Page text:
Special purpose governments provide substantial administrative and fiscal independence from general purpose local governments, thus limiting investment risk, and a dependency on fickle priorities based on competing interests for unrestricted funds.
Districts have their proper place in this vast array. They are the right choice in many cases. Counties, cities and special purpose districts are all biased in favor of their own self-preservation. They cannot be expected to make the institutional choices outlined above.

Only the state legislature and the citizens of the state have the ability and inclination to choose from the various institutional possibilities. And only the people of a particular community have the perspective and the right to make the local choice.

The people reserve the right to dismantle the instruments we have created, including our institutions. The people should not surrender to their county or city government the power to assume the assets of their special purpose districts and the operation of those assets. Nor should they give the special purpose districts they have created the authority to abdicate on their responsibility by handing over their jurisdiction to the cities. The exception would be subordinate governments created ex officio, but such is not the case here.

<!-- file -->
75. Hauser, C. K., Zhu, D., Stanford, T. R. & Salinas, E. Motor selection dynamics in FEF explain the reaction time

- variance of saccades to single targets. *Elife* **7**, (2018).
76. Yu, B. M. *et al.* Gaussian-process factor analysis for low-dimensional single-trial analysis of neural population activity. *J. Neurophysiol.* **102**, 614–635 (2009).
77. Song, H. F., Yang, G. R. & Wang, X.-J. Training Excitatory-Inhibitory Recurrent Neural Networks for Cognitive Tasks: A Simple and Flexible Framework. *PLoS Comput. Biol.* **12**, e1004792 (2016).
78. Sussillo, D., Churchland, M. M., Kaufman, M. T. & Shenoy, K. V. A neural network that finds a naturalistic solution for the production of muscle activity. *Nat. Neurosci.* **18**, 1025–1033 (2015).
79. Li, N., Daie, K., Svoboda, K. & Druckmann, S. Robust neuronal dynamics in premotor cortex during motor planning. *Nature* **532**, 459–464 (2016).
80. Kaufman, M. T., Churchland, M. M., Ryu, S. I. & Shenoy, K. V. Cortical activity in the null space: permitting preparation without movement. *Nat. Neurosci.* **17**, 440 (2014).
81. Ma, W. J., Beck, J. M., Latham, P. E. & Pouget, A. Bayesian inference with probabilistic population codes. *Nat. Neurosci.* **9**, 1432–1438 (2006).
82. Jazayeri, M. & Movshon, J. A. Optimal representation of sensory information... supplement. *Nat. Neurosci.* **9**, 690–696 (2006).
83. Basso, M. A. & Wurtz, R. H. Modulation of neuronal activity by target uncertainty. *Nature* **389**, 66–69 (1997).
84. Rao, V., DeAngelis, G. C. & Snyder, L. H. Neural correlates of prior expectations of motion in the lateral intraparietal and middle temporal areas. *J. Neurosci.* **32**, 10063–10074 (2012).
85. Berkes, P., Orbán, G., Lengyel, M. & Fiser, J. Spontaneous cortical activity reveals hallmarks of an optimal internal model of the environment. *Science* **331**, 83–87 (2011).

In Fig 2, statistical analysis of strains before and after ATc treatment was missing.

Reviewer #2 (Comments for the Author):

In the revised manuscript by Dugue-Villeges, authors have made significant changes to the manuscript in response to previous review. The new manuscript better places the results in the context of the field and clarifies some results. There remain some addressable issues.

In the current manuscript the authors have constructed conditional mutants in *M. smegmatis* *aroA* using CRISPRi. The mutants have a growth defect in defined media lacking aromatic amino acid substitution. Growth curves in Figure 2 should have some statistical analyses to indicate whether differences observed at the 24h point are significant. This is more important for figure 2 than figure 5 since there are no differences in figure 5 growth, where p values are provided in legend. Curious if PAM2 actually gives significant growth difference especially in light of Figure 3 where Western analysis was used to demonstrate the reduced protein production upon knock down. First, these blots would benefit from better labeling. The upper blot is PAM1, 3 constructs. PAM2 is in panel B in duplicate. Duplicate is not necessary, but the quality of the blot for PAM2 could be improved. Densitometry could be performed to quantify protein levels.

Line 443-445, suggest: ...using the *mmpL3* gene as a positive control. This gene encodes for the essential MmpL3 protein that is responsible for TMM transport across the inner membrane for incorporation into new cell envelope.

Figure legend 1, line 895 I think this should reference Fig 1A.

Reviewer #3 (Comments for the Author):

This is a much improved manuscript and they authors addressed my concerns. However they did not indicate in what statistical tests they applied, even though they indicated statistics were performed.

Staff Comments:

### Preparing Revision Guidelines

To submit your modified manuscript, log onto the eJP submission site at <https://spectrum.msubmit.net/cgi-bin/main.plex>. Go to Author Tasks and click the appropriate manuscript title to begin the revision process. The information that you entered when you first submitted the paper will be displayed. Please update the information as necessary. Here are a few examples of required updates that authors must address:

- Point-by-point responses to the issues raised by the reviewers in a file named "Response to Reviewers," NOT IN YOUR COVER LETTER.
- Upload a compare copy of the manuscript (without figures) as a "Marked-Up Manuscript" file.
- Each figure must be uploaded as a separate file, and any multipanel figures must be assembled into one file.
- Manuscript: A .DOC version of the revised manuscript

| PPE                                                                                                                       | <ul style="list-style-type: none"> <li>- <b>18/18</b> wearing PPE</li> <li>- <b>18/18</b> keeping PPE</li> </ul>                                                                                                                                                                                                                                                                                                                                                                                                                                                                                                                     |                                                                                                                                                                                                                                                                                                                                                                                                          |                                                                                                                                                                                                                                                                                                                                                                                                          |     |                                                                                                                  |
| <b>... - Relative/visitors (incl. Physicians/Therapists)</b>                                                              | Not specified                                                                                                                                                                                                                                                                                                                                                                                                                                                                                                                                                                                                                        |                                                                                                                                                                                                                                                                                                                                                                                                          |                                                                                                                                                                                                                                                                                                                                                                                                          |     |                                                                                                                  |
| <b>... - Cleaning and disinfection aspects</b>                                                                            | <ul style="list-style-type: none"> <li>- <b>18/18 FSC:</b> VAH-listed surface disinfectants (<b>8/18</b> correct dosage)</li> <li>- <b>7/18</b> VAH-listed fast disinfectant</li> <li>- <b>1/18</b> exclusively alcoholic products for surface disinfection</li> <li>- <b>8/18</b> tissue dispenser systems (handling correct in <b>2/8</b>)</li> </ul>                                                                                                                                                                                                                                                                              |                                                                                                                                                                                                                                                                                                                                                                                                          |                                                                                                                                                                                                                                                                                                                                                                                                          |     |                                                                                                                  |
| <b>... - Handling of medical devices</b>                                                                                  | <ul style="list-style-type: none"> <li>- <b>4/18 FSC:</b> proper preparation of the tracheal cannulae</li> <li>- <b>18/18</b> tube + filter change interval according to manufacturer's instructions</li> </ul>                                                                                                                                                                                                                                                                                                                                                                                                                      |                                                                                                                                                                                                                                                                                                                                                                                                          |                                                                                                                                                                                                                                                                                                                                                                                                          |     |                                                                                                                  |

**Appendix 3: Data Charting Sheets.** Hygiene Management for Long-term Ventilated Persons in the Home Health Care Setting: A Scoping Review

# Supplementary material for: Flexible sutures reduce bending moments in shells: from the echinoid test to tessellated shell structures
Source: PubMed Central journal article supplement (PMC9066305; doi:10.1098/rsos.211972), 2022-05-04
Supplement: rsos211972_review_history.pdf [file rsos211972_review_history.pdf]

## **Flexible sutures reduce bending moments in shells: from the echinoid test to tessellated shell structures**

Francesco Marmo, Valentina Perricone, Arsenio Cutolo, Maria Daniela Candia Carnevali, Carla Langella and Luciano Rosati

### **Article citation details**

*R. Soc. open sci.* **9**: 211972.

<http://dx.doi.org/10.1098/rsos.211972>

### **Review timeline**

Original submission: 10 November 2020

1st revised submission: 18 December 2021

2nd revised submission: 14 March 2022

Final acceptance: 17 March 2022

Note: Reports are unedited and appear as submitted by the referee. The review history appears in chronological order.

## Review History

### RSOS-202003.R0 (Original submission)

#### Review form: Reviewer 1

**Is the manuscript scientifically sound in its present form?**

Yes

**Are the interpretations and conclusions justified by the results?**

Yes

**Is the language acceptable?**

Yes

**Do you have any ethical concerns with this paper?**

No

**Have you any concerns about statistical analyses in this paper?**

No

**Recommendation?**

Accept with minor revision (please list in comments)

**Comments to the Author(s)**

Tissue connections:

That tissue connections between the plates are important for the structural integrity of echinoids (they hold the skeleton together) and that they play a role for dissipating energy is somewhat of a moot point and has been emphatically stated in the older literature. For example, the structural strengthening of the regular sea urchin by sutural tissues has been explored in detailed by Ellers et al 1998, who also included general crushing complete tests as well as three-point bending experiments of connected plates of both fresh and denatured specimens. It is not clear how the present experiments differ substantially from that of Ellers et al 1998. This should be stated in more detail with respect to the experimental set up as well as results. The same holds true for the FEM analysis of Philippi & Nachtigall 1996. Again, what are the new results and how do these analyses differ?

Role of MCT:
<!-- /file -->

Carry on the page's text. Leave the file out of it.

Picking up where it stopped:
Past legislatures apparently have given local governments the power to horse trade our infrastructure, and this has caused much unrest and litigation within our communities. The GMA addresses the question of which urban services should be provided in rural areas, and which in urban areas. It is concerned with planning for optimal land use by selected counties and cities, not with optimal government.

This has been distorted like a game of telephone into a question of the demerits of special purpose districts. But such a question ought not be decided by rule. It must be decided in examination of the particulars, which is where assumption legislation always seems to originate.

Utility taxes are no more regressive than hamburgers, but I agree with Sen. Chase, utility assumption decisions should be left to the local control of the voters.